KFlippin from Amazon on August 06, 2010:

I would have to agree with you at this point. It is sadly sort of embarrassing to see poorly written hubs as hot and best while there are really excellent and worthy writers that are under the radar. As long as HP is based on followers and games and has this cultish bent as Website Examiner pointed out recently, then it is quite an effort to find the gold laying heavy at the bottom of the well.

Christoph Reilly from St. Louis on August 06, 2010:

I came just for the joy of writing, and the money was not an issue for me. I just wanted to experiment with writing techniques, try on different styles, and so on. For the first year, I became somewhat addicted to HP. There was a fabulous community - not that there isn't now - but it seems like us creative funny guys were supported by HP itself,and we would all be online at the same time, shooting comments back and forth, and laughing a lot.

But then the great change came with the contests and the emphasis on churning out articles willy nilly, like machines, and the old gang broke up. Many left. I have remained good friends with many of these people and we write and keep in touch, including my friend up there Mr. Evilpants. I myself was not here for about a year and have only recently returned.

It's not the same, but I've started writing some stuff for here. Still not the money making type of hubs, but things I want to write about with some creative muscle stretching. I write on other sites and for places where I have to churn out the crap. But making money on the Internet is still difficult and less than adequate.

Sorry you don't write for HP any more,but there's still much of your material I haven't read. And I think you are aware, I have been your fan for a long time and I have always held you in the highest esteem. In your HP interview when you said you read me, I almost fell out of my chair! Ha!

I suppose sometimes it gives me a boost that helps me gain some confidence and continue in my real writing life.

Christopher James Stone (author) from Whitstable, UK on August 05, 2010:

Glad you liked it Jane. I think once you get out of the idea that it's a way of making money, and start using it as a social networking site, it's fine. Google must be doing very well out of it though. I might try to find some sites that actually do pay money.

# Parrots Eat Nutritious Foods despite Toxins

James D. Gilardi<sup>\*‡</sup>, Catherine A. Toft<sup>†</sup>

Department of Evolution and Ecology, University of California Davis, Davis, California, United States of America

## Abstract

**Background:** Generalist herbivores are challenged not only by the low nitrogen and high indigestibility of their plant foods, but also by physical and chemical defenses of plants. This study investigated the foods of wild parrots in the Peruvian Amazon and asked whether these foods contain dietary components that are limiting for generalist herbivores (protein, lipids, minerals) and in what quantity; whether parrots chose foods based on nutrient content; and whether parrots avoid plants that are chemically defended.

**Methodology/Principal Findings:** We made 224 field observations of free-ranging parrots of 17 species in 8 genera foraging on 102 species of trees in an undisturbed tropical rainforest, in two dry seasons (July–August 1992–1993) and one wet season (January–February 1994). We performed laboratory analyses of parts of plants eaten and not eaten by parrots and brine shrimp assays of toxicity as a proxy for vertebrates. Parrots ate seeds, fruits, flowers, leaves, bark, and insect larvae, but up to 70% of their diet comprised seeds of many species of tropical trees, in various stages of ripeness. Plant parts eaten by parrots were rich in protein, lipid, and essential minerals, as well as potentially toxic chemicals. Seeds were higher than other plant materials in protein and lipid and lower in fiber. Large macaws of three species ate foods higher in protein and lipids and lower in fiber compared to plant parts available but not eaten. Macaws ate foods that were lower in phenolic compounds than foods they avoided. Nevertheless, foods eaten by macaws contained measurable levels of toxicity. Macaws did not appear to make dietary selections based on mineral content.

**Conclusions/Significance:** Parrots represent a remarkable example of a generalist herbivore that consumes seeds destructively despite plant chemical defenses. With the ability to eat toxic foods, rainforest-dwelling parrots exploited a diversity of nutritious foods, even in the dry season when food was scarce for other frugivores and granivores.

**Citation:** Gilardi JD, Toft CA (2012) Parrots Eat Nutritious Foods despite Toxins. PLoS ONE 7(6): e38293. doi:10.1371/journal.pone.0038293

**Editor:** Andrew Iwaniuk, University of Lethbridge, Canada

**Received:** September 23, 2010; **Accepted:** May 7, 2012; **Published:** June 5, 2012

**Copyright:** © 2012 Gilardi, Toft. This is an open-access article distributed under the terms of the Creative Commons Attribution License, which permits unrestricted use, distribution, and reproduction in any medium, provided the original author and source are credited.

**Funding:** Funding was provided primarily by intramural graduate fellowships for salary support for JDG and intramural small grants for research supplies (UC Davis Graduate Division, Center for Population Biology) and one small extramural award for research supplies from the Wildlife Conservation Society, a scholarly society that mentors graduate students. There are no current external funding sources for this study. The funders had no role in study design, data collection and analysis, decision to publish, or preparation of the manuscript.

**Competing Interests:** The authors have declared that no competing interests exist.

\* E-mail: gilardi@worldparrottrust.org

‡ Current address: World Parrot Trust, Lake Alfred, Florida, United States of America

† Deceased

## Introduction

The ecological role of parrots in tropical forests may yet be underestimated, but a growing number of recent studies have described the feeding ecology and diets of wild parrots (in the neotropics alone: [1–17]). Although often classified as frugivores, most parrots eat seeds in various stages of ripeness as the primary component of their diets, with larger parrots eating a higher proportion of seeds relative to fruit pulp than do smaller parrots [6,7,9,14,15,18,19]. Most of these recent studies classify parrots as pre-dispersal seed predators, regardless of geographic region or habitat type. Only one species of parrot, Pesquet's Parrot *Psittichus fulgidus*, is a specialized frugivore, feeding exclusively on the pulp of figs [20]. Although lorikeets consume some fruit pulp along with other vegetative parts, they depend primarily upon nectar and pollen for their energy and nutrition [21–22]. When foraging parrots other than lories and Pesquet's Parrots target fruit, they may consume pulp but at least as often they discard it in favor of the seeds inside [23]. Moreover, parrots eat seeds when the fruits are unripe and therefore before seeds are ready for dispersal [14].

Jane Bovary from The Fatal Shore on August 05, 2010:

Hello CJ,

Your article was very interesting to me. I too caught the bug here and for the first couple of months was veering close to obsession with the ridiculous amount of time I'd spend here...and you're right of course...commenting, reading other peoples hubs etc. is extremely time-consuming. TOO time-consuming, so I made a conscious effort to withdraw for a while.

One thing I did glean fairly early was that I wasn't going to be one of the money-makers, despite a couple of lame attempts at a *commercial* hub. Although I've never been a professional writer, being poor, I would like to make some money through writing. I'm prepared to sell myself out! I 'm just not very good at it. Anyhow, thanks for the hub...I agree with just about everything you wrote.


Christopher James Stone (author) from Whitstable, UK on August 05, 2010:

lorlie6, you will be seeing me here, just I won't be writing stories specifically for the site, as I did when I first started here. To me quality IS an issue, and when I look at the kind of stuff that gets high Hub points on here, it's frankly embarrassing how poorly written some of it is. What that shows is that this is not a site designed for working writers.

Nellieanna, I don't mind selling myself... that is, I like to to be paid for what I do, but I would also prefer to be proud of the result. I think doing reviews of Amazon items in order to make money would be selling yourself out, which is a different thing. Nice to hear your story.

Laurel Rogers from Bishop, Ca on August 05, 2010:

Nice to meet you, C.J. I differ with you in your assessment of this site in that I do find it 'real work.' I am a very new writer and computer user and have begun to develop my 'voice' and confidence here.